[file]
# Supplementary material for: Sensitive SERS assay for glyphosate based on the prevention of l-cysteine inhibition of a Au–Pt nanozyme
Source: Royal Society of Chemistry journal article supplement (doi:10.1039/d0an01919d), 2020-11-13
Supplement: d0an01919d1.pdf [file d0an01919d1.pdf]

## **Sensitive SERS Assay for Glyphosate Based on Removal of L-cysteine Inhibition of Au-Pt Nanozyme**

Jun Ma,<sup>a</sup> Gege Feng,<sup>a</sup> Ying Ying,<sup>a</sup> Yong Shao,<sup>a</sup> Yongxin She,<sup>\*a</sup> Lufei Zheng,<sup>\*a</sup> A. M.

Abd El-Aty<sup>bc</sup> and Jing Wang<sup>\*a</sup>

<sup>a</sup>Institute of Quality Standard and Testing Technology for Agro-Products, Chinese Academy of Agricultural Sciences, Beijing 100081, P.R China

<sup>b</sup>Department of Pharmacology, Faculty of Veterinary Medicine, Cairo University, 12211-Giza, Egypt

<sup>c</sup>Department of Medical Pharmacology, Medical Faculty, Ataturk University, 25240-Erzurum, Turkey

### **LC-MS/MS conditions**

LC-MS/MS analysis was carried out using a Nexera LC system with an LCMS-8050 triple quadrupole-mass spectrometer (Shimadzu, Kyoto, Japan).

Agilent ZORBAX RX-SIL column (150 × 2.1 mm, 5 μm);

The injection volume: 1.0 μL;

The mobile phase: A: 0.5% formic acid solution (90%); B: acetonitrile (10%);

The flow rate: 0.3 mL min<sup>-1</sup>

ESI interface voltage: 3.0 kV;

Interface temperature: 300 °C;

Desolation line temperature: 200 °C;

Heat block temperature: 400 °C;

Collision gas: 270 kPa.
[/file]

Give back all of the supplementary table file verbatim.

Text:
# Supplementary material for: Sensitive SERS assay for glyphosate based on the prevention of l-cysteine inhibition of a Au–Pt nanozyme
Source: Royal Society of Chemistry journal article supplement (doi:10.1039/d0an01919d), 2020-11-13
Supplement: d0an01919d1.pdf [file d0an01919d1.pdf]

## **Sensitive SERS Assay for Glyphosate Based on Removal of L-cysteine Inhibition of Au-Pt Nanozyme**

Jun Ma,<sup>a</sup> Gege Feng,<sup>a</sup> Ying Ying,<sup>a</sup> Yong Shao,<sup>a</sup> Yongxin She,<sup>\*a</sup> Lufei Zheng,<sup>\*a</sup> A. M.

Abd El-Aty<sup>bc</sup> and Jing Wang<sup>\*a</sup>

<sup>a</sup>Institute of Quality Standard and Testing Technology for Agro-Products, Chinese Academy of Agricultural Sciences, Beijing 100081, P.R China

<sup>b</sup>Department of Pharmacology, Faculty of Veterinary Medicine, Cairo University, 12211-Giza, Egypt

<sup>c</sup>Department of Medical Pharmacology, Medical Faculty, Ataturk University, 25240-Erzurum, Turkey

### **LC-MS/MS conditions**

LC-MS/MS analysis was carried out using a Nexera LC system with an LCMS-8050 triple quadrupole-mass spectrometer (Shimadzu, Kyoto, Japan).

Agilent ZORBAX RX-SIL column (150 × 2.1 mm, 5 μm);

The injection volume: 1.0 μL;

The mobile phase: A: 0.5% formic acid solution (90%); B: acetonitrile (10%);

The flow rate: 0.3 mL min<sup>-1</sup>

ESI interface voltage: 3.0 kV;

Interface temperature: 300 °C;

Desolation line temperature: 200 °C;

Heat block temperature: 400 °C;

Collision gas: 270 kPa.